How Ian Fleming Created James Bond

For someone with zero literary aspirations, Ian Fleming managed to create the most influential spy character of all time, and all with such apparent ease.
Ian Fleming circa 1960, photographed at his writing desk in his Goldeneye retreat, with cigarette in hand, of which he was known to smoke 80 a day. (Photograph by Harry Benson).

They say novelists should write about what they know. Ian Fleming – son of a major, educated at Eton and Sandhurst, then in Munich and Geneva, foreign correspondent and then personal assistant to the director of naval intelligence during World War II, married to a countess with whom he’s had an affair, and a lover of the finer things in life – did just that, adding in perhaps just a hint of thuggishness missing from his own personality.

The line between himself and his most famous literary creation – James Bond, not Chitty Chitty Bang Bang – was a thin one, even if Fleming wasn’t so sure of this himself. His hero, he said, was “simply the blunt instrument in the hands of the government. Apart from the fact that he wears the same clothes that I wear, he and I really have very little in common. I do rather envy him his blondes and his efficiency, but I can’t say I much like the chap.” Bond, he also conceded, was braver and better looking than he was too.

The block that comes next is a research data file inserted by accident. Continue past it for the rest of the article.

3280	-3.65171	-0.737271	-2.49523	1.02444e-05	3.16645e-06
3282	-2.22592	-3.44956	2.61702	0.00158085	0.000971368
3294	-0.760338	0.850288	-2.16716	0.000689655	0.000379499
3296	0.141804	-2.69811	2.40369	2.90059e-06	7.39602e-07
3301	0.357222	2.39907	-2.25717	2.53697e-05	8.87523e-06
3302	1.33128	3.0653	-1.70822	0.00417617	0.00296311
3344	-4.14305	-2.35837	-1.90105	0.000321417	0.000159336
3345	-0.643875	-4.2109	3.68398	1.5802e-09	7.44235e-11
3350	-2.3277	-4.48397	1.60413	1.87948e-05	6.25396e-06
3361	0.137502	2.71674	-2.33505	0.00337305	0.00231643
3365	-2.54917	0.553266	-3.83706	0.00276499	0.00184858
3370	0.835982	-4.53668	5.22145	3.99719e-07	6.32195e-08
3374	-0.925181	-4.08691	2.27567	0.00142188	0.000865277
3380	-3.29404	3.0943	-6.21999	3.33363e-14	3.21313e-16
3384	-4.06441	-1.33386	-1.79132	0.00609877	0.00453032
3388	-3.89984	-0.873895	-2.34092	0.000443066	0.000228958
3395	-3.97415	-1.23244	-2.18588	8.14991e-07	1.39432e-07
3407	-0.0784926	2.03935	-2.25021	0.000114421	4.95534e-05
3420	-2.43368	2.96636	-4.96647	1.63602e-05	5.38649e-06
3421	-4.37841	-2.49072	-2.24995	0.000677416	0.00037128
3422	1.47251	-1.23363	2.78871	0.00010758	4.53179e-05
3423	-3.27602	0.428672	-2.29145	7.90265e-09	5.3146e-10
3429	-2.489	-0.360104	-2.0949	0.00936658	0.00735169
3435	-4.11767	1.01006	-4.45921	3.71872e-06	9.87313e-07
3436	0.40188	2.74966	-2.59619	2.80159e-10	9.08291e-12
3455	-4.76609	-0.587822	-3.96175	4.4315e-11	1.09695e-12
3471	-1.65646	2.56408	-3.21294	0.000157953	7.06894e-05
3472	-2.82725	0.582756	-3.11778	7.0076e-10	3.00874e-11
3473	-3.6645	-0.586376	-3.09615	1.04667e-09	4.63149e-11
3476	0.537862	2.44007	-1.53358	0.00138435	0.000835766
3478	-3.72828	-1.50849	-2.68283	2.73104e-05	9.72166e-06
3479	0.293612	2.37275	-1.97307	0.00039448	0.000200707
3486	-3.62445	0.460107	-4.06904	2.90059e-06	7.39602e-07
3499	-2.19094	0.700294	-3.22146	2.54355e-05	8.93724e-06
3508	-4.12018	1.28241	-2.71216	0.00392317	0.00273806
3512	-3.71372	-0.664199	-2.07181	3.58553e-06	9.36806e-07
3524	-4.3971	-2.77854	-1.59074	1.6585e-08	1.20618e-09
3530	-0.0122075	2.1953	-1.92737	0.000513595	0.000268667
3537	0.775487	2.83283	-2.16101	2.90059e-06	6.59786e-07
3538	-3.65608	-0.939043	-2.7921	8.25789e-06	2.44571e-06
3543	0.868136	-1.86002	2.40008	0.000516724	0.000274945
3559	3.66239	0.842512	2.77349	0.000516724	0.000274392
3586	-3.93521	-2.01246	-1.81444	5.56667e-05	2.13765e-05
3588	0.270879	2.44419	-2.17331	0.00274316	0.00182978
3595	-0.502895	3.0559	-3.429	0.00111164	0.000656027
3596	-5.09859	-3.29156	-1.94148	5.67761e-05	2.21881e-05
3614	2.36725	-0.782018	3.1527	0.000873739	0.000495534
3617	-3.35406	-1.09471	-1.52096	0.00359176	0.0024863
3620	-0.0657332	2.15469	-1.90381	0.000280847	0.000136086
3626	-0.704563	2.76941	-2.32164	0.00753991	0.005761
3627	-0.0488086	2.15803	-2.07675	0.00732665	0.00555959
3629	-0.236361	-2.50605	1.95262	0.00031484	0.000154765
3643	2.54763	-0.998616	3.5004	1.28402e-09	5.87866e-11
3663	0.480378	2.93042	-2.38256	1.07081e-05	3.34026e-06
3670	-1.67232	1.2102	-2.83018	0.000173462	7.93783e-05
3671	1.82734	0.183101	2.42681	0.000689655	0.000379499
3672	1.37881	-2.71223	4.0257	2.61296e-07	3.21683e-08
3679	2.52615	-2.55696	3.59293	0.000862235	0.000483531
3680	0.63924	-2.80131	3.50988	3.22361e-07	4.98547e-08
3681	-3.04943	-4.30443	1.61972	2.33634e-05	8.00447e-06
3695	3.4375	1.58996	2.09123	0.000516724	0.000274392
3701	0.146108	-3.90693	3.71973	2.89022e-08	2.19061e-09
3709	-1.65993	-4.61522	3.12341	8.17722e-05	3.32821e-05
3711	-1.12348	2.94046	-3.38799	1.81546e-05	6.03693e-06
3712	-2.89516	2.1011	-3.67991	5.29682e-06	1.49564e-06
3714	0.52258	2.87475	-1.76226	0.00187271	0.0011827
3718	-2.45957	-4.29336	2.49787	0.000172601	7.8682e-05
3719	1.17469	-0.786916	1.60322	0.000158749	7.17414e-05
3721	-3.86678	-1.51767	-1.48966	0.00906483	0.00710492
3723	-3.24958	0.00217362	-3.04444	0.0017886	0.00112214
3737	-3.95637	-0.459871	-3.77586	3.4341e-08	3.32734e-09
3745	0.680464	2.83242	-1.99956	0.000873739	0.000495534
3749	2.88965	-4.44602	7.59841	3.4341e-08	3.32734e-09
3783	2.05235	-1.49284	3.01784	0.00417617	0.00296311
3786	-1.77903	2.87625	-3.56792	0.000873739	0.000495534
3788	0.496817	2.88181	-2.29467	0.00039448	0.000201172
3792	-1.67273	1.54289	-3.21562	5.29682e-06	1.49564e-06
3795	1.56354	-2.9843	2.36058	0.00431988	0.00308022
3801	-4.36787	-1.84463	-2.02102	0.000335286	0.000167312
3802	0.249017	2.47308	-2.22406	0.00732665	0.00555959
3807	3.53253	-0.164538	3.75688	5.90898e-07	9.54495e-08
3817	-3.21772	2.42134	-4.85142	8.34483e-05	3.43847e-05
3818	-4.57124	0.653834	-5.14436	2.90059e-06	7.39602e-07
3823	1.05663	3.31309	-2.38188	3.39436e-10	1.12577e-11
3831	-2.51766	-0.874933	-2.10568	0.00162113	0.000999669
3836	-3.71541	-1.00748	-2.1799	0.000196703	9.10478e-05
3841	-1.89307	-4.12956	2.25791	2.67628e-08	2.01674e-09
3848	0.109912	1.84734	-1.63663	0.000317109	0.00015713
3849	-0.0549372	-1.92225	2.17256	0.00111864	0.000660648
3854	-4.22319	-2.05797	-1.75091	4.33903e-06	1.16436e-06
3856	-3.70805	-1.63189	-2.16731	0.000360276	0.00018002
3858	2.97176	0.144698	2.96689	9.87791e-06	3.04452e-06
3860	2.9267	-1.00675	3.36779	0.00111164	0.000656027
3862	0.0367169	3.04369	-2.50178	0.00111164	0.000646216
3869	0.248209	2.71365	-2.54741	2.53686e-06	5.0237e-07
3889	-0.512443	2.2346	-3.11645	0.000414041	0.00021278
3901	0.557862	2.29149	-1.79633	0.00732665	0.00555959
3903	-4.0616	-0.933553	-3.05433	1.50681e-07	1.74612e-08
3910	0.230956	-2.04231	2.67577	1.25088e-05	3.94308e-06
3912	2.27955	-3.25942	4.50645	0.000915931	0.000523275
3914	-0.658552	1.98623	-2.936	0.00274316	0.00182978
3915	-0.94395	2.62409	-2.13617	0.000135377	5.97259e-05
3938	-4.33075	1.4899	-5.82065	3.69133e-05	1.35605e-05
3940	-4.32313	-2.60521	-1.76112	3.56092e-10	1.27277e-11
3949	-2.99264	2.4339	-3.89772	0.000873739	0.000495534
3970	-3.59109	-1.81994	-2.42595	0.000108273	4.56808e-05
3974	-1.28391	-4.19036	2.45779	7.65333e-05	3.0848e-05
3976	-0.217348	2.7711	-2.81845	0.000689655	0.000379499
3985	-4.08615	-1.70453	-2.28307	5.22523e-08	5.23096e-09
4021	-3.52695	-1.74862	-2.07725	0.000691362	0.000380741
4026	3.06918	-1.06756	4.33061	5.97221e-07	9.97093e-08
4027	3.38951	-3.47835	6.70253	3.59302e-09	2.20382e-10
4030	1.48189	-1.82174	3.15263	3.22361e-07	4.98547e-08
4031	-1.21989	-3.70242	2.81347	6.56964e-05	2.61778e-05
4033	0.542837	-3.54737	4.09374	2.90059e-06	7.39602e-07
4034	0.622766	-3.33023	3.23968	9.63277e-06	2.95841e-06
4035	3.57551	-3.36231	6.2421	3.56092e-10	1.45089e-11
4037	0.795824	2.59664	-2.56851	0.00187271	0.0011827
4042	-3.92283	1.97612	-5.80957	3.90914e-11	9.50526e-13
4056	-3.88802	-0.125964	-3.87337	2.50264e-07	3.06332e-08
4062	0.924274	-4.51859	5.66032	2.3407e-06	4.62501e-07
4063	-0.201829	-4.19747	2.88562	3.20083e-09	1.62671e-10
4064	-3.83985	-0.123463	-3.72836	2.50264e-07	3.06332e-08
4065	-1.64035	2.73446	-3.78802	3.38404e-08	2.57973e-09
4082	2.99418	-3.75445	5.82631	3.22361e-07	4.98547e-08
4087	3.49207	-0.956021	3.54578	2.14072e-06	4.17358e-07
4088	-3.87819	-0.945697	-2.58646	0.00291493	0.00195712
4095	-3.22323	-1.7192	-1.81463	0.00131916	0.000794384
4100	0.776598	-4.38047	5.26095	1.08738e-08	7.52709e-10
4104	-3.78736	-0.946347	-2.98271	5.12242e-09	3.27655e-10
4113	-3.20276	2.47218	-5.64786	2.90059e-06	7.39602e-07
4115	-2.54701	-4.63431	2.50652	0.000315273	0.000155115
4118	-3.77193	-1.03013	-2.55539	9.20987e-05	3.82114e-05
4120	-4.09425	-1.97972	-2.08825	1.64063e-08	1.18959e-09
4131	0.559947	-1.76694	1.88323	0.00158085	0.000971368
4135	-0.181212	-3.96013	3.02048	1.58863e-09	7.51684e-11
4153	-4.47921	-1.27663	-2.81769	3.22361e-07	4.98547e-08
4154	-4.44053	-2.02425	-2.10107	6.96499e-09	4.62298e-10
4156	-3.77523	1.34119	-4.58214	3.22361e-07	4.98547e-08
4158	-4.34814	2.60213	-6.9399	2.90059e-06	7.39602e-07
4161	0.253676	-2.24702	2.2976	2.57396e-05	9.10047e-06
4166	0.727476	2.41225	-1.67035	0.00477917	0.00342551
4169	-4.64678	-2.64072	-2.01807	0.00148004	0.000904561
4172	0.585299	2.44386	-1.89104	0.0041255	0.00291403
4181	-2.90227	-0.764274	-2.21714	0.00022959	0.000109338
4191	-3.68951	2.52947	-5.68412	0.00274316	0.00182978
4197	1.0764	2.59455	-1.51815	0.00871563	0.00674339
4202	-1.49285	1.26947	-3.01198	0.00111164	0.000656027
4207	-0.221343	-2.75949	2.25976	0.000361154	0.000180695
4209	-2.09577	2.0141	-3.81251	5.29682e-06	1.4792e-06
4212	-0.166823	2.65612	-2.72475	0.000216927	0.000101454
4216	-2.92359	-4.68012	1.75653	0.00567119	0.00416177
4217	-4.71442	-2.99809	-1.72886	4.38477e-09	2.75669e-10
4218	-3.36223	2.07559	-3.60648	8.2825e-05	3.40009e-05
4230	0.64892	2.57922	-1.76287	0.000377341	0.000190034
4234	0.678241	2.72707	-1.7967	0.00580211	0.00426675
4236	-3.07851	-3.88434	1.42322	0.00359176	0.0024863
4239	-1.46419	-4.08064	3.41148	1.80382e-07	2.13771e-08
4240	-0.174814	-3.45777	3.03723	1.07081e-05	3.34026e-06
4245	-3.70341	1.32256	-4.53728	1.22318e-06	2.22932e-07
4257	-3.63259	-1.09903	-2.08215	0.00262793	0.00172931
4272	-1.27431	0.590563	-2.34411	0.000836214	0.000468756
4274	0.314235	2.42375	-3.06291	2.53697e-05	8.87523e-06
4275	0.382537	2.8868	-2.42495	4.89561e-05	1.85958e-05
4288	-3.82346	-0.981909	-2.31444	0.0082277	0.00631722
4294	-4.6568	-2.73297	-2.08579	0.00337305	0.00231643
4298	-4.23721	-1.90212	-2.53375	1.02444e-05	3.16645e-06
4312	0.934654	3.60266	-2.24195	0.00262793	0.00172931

And yet, if 007 was ready with a quip at a time of high danger, it was Fleming who likewise announced that the war had been “intensely exciting” - among his many escapades was an elaborate hoax involving a dead body and faked invasion plans to fool the Germans of Allied intentions, as well as the forming of a plan to undertake sabotage operations in fascist Spain, codenamed Operation Goldeneye. An habitual womaniser, Fleming claimed that it was the process of getting married – “a very painful thing to do at the age of 44,” he noted – that drove him to start writing novels, to take his mind off the whole shebang.


October 2017


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